THE BLOG

Tax Fraud Is Not a Crime (If You're Rich)

07/27/2006 09:41 am ET | Updated May 25, 2011

It's a great time to be rich in America. But if you're the kind of person whose idea of a good time involves a certain level of risk--high stakes gambling, sky diving or tax fraud, for instance--the Bush Administration just took away one of your thrills.

Within the next 70 days, the IRS will permanently eliminate the jobs of half of the lawyers who audit the wealthiest Americans' tax returns.

According to internal IRS documents leaked to the New York Times by outraged IRS employees, six of whom agreed to be interviewed by the paper, the IRS is axing 157 of its 345 estate tax lawyers and 17 support personnel.

The Agency is doing de facto what the Bush tried and failed to do de jure: Sway Congress to entirely eliminate the estate tax to help the richest taxpayers in the country pay even less of their fair share.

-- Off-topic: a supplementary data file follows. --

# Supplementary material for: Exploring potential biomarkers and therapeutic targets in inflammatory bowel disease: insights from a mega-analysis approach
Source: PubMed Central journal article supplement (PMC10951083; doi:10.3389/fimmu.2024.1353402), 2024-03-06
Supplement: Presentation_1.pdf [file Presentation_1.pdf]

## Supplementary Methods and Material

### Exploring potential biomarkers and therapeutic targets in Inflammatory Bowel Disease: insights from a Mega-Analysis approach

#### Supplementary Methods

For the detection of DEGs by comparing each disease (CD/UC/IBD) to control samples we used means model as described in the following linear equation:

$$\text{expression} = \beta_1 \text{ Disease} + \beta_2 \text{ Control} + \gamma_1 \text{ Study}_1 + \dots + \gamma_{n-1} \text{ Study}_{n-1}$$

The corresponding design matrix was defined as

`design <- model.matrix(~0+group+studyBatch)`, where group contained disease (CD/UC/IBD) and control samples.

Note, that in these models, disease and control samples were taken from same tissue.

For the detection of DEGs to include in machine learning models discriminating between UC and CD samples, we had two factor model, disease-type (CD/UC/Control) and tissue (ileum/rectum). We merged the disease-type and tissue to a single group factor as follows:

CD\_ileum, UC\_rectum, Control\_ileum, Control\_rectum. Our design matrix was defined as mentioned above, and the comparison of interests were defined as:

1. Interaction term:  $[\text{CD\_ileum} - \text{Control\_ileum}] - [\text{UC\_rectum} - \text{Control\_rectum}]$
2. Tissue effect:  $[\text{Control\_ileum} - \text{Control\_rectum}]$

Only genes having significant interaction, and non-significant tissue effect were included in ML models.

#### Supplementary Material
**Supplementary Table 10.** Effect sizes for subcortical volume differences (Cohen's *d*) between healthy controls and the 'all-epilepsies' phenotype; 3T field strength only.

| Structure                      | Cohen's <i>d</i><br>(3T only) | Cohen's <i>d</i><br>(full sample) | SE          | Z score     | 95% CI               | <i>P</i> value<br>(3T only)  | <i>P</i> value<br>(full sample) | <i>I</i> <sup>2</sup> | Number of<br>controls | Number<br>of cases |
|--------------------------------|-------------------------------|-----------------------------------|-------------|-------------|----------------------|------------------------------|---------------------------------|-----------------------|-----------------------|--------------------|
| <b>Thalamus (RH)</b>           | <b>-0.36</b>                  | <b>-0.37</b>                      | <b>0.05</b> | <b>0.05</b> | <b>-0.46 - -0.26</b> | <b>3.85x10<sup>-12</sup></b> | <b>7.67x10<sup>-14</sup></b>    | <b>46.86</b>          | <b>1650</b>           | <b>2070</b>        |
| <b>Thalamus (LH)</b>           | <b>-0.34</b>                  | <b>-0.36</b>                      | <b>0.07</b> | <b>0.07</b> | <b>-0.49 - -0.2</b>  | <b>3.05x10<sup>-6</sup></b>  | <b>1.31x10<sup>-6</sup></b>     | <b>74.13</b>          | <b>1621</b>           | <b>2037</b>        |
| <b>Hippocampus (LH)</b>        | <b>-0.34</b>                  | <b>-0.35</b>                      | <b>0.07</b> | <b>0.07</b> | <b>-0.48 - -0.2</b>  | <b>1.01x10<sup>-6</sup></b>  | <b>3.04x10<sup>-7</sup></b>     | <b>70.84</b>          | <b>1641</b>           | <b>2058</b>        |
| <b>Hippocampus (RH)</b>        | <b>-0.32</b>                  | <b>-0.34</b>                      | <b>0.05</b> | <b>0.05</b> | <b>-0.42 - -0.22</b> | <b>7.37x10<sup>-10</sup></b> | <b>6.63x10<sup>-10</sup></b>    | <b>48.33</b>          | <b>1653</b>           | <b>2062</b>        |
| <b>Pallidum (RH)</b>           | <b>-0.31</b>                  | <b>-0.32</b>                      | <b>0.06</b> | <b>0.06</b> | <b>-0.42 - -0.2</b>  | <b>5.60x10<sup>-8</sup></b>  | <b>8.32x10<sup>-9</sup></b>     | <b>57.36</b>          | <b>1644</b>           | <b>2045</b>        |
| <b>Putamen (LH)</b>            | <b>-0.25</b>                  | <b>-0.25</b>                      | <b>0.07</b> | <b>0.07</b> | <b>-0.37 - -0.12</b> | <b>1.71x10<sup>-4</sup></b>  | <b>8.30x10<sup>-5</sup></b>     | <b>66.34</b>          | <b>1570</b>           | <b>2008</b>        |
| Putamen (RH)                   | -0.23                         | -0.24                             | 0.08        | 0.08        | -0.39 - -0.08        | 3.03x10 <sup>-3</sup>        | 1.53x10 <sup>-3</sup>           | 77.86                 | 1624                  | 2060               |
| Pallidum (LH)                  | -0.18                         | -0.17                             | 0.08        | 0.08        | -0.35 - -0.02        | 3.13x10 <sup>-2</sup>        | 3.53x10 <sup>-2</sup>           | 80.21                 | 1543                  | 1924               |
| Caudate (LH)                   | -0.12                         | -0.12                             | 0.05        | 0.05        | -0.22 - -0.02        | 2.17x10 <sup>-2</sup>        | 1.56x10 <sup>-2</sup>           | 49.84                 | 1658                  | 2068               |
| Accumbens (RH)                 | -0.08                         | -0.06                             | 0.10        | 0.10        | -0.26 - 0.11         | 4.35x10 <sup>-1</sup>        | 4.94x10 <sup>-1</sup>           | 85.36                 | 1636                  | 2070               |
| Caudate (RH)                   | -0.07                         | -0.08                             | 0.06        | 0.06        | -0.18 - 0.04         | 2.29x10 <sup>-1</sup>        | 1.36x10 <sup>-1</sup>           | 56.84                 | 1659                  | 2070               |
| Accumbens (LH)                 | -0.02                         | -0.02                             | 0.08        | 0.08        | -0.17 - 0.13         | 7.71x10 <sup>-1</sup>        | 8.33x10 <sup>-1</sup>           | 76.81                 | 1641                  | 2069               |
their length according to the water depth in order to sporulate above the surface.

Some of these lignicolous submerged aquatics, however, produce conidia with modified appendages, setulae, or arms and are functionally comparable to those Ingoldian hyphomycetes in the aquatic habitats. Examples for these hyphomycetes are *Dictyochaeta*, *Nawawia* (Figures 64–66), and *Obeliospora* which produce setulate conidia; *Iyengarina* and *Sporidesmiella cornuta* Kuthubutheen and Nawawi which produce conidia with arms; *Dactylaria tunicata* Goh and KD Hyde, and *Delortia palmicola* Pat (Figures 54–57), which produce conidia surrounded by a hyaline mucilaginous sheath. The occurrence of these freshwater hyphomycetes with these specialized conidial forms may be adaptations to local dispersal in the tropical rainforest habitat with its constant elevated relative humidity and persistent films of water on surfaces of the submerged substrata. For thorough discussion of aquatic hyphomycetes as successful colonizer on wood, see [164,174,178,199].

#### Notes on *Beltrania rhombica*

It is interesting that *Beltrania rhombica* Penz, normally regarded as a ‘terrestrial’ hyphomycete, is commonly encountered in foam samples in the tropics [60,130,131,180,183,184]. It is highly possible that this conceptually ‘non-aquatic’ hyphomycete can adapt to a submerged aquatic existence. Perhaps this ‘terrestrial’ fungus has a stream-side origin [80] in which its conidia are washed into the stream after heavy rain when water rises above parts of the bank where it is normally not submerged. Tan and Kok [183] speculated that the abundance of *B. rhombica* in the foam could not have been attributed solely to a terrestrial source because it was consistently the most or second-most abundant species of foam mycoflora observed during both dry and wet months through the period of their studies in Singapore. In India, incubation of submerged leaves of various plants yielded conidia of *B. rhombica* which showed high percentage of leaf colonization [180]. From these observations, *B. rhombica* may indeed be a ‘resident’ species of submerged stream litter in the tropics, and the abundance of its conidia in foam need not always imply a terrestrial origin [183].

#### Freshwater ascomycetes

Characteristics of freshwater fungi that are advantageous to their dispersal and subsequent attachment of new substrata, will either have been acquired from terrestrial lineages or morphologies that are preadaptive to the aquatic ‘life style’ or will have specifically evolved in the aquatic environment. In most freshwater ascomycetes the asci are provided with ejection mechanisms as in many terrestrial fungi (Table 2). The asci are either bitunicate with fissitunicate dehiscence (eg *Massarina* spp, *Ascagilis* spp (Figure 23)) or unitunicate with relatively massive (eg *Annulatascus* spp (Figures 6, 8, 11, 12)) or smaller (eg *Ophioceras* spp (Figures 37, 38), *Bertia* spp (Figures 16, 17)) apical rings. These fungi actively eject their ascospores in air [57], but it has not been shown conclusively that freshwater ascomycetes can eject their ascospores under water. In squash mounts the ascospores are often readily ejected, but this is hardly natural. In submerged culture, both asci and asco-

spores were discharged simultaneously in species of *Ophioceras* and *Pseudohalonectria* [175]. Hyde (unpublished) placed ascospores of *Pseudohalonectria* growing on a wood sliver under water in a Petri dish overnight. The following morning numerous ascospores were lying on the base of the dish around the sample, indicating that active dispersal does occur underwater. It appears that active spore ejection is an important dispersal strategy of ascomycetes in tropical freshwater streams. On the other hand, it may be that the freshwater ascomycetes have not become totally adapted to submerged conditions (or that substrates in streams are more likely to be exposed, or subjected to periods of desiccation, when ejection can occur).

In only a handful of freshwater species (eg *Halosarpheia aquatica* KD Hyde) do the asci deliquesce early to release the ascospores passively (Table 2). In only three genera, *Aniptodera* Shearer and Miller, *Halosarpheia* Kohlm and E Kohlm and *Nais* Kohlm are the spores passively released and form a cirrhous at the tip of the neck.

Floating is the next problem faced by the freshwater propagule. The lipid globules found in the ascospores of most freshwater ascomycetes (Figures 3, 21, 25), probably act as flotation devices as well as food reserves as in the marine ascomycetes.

The decision is not because the Agency's estate tax lawyers have too much time on their hands or aren't finding any tax criminals out there. By the IRS' own admission, 85 percent of the large taxable gifts they audit are fraudulent and intended to cheat the public.

For every hour that the Agency's estate tax lawyers work, they uncover on average $2,200 in taxes that Americans worth $1 million or more are illegally withholding from the government. That adds up to about $1.4 billion in lost tax revenues a year.

This is white collar crime on steroids.

One would think that on a practical level, the Bush Administration would prefer to have another billion and a half on hand to pay for military, homeland security and boarder guards. In other words, to fight tax crime in order to pay for fighting crimes likes terrorism and imagined threats of immigration.

But these are costs that the poor, somehow, someway, must continue to cover with their rent money, diaper money, food money, gas money and, when it comes to securing employment by fighting the War in Iraq, their lives.